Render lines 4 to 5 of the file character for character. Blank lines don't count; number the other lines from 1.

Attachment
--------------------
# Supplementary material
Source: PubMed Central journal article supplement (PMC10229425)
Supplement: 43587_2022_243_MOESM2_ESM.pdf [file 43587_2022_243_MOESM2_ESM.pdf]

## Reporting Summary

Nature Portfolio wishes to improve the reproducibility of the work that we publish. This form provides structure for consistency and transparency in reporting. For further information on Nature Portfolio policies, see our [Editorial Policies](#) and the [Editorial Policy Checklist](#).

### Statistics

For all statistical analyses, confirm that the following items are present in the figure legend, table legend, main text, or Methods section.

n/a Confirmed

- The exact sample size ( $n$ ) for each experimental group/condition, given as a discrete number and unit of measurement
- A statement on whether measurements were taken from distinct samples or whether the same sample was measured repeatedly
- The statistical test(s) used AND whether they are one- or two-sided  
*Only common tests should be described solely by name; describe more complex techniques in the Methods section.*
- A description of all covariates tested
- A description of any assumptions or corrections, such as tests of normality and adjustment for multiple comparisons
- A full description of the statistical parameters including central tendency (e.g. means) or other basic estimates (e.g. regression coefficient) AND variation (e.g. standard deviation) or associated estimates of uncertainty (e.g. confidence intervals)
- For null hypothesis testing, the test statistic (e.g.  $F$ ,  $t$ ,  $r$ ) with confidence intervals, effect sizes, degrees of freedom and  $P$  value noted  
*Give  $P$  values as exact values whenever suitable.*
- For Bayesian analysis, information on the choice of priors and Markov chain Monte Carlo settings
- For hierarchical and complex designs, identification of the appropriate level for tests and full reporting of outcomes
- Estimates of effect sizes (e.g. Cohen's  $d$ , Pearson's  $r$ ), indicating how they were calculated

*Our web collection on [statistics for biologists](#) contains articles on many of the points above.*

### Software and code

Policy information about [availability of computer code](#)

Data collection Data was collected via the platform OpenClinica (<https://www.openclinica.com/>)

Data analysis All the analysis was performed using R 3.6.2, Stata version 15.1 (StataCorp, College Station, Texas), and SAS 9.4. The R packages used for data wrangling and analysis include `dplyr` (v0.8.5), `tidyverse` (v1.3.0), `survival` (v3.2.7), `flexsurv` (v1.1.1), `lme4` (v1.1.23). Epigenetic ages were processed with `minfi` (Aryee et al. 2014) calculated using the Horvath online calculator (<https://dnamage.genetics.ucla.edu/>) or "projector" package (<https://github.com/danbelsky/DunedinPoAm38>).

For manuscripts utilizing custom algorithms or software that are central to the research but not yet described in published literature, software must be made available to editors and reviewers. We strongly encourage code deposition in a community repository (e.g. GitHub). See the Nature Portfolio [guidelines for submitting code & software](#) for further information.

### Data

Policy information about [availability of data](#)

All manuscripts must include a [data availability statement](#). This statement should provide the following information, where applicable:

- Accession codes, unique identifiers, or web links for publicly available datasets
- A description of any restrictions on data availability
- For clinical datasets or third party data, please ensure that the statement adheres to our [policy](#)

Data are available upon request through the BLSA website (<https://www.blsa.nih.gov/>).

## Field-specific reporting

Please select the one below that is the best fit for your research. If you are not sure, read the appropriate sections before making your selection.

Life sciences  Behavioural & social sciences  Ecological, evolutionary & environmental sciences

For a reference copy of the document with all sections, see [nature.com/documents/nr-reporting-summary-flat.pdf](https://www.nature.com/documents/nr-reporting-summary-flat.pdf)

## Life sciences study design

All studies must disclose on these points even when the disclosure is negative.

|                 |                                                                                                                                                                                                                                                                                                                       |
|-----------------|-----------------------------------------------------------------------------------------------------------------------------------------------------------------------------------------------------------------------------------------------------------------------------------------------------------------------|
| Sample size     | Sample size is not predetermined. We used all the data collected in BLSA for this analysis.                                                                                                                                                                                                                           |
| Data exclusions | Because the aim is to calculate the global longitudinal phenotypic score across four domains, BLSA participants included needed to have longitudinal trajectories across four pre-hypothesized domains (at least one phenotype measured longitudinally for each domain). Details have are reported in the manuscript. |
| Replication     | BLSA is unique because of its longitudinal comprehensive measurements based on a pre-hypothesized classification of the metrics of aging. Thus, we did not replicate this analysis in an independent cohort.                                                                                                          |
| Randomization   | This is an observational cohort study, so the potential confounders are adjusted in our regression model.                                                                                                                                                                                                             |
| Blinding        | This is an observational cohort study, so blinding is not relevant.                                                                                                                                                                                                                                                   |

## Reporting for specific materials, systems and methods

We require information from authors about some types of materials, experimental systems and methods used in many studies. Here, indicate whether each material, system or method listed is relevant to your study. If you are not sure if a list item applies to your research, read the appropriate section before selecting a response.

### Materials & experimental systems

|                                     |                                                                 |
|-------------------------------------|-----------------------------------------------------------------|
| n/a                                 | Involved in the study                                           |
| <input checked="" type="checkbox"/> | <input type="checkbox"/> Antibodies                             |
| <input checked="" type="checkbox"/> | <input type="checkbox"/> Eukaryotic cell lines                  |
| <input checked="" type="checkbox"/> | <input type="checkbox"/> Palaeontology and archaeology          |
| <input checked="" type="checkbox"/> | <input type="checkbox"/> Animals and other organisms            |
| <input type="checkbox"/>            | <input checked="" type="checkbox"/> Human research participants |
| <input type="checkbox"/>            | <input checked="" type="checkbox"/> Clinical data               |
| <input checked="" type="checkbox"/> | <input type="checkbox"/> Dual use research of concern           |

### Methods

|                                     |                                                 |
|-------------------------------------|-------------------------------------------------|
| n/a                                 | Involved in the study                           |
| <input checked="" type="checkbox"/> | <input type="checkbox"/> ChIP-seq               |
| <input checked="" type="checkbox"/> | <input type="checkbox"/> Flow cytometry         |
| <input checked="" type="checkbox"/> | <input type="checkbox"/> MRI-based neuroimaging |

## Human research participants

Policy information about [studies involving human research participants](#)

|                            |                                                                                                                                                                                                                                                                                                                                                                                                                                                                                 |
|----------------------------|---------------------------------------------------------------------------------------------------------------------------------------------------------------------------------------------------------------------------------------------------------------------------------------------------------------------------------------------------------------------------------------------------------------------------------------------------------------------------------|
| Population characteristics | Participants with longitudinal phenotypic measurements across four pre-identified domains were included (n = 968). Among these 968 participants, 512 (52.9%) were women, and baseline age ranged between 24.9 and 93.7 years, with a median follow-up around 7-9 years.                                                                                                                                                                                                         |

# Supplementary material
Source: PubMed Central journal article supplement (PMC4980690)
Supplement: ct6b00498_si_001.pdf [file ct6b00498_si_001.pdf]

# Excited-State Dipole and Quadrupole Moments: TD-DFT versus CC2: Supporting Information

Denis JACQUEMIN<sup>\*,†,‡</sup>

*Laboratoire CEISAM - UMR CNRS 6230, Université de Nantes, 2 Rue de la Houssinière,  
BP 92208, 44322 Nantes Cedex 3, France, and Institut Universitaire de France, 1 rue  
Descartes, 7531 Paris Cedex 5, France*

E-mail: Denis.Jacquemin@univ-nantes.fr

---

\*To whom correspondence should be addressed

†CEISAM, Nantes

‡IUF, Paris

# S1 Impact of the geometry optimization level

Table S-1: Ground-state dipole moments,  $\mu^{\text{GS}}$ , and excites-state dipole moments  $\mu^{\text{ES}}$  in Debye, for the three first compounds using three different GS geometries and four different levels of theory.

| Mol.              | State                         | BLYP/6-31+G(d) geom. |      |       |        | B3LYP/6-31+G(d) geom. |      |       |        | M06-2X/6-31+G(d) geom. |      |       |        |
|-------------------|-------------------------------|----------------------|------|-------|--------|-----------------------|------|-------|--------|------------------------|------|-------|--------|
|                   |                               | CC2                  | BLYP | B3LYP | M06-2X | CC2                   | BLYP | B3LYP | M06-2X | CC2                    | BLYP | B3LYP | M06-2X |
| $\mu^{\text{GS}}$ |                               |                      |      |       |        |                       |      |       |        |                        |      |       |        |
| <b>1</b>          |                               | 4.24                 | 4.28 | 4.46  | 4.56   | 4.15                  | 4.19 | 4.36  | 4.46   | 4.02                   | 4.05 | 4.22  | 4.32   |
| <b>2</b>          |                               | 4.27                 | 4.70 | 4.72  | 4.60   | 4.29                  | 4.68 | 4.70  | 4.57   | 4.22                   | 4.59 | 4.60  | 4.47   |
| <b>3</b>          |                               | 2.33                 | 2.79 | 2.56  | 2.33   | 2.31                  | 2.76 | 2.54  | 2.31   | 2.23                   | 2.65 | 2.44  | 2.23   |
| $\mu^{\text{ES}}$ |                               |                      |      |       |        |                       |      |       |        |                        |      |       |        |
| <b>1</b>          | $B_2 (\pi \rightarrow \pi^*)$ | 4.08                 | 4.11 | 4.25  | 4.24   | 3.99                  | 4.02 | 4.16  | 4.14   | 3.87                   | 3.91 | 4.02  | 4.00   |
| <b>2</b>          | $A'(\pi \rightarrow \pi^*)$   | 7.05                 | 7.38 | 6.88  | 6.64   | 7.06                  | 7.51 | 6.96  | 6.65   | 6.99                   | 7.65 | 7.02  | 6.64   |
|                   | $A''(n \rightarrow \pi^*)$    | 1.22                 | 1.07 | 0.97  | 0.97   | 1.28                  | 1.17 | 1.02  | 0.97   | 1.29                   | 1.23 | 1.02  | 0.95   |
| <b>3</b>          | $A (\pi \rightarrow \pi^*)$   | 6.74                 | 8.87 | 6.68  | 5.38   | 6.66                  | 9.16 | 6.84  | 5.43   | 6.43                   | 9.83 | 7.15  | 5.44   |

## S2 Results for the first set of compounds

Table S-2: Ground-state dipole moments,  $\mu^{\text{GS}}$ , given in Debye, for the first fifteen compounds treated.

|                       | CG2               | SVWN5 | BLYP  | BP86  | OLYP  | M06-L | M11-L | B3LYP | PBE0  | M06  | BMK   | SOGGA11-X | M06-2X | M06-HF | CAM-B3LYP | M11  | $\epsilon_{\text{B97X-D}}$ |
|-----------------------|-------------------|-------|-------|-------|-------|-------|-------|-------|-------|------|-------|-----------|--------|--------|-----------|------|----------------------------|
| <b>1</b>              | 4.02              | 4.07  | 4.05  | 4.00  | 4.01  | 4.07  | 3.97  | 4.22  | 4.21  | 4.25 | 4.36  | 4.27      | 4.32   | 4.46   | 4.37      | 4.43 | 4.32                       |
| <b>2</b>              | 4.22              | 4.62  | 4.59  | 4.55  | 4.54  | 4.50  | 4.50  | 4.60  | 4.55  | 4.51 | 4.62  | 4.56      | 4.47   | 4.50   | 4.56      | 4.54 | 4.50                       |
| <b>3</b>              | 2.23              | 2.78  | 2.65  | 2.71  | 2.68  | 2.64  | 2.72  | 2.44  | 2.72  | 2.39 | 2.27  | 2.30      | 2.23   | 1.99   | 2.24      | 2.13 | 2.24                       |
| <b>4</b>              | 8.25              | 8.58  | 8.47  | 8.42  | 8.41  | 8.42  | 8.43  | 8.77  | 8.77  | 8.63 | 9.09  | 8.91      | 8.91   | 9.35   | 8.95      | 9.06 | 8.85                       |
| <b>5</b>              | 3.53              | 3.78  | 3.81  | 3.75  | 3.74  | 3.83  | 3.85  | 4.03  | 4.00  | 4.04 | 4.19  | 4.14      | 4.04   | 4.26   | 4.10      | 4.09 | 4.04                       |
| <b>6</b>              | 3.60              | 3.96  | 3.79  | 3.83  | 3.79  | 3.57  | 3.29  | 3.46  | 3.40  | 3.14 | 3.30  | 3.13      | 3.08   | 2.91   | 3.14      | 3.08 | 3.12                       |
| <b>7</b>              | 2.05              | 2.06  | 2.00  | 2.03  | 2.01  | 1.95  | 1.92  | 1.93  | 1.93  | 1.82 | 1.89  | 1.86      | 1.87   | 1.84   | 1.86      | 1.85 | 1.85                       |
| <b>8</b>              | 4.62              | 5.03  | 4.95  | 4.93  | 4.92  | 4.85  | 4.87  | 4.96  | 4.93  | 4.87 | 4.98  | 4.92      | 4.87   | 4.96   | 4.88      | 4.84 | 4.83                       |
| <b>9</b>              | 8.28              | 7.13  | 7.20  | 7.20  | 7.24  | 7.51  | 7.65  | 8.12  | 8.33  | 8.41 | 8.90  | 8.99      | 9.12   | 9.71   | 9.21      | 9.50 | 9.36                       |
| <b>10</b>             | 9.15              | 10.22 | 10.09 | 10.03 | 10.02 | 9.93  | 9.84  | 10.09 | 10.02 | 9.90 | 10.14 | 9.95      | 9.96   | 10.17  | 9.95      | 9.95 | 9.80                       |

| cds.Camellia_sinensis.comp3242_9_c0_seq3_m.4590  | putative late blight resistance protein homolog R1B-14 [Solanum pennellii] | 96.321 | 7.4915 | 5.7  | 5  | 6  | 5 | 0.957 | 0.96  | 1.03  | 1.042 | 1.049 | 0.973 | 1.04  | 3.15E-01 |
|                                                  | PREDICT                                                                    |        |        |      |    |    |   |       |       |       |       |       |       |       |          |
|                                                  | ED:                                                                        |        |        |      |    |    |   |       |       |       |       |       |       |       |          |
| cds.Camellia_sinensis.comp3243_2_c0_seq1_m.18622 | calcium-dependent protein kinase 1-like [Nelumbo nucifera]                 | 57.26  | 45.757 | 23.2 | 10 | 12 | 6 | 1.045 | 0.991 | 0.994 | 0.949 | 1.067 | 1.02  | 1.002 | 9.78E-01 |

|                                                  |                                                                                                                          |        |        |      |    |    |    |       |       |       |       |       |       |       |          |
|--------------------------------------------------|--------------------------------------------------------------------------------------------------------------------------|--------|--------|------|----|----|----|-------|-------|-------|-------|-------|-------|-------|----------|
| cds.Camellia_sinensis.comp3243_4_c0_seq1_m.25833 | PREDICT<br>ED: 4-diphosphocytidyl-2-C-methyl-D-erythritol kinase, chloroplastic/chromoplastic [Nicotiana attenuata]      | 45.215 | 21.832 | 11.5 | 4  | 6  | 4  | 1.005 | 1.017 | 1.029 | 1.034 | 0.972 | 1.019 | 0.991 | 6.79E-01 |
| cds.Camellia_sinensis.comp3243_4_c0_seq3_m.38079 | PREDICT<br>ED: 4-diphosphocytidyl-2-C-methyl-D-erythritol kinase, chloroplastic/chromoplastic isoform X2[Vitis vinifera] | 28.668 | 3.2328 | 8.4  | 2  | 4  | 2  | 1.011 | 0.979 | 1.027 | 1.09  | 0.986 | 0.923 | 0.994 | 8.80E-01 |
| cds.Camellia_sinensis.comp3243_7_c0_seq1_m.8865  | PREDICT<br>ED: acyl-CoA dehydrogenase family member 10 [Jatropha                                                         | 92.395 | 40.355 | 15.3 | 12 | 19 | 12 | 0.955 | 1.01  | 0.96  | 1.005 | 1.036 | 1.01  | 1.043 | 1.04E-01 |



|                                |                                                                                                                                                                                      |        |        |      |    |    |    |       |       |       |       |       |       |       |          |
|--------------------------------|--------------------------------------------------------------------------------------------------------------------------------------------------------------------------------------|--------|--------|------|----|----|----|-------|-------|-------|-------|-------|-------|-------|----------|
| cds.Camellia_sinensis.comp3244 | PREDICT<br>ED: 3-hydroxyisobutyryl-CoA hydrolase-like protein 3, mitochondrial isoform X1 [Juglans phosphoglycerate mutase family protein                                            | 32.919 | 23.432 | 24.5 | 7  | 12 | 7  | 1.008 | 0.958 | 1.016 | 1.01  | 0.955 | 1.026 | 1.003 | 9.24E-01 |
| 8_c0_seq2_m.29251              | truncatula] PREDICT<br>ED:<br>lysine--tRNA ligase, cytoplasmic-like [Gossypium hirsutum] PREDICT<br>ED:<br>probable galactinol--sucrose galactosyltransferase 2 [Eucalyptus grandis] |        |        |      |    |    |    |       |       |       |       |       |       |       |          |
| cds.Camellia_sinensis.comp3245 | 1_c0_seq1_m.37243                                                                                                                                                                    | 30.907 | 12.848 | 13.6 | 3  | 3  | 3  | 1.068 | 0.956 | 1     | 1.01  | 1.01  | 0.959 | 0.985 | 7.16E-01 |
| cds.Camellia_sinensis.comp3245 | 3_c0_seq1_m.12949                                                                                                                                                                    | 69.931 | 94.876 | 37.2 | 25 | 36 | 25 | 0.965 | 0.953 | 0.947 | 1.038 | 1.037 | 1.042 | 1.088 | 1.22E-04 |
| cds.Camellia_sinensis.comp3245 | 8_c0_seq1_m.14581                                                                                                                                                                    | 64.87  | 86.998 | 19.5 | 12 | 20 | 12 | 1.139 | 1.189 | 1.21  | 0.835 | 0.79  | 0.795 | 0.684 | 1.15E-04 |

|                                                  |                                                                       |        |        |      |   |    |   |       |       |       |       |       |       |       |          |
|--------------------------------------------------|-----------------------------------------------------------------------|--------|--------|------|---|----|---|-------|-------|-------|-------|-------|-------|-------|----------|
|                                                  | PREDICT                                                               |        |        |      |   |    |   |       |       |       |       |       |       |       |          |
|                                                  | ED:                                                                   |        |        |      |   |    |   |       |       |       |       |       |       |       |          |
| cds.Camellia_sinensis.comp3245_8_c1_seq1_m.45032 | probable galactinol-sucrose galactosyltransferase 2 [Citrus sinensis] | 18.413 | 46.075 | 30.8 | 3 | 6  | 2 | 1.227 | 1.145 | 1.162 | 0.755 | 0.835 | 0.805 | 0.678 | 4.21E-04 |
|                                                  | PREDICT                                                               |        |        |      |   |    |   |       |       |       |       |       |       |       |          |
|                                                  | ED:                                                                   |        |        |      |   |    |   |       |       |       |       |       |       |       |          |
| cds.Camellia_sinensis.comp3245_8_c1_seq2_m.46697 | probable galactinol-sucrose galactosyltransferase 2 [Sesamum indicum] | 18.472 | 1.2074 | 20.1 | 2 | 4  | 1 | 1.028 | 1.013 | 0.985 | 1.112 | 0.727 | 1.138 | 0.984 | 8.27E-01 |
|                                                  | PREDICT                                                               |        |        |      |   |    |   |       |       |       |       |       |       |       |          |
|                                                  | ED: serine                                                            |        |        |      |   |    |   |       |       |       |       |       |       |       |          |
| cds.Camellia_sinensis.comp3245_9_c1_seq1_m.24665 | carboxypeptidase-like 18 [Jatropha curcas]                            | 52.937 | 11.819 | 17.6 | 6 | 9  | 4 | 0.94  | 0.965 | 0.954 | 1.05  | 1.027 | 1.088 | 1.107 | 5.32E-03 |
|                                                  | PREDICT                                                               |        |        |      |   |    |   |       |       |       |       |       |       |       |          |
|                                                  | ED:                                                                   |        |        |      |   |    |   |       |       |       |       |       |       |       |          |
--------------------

## Reporting Summary

Nature Portfolio wishes to improve the reproducibility of the work that we publish. This form provides structure for consistency and transparency in reporting. For further information on Nature Portfolio policies, see our [Editorial Policies](#) and the [Editorial Policy Checklist](#).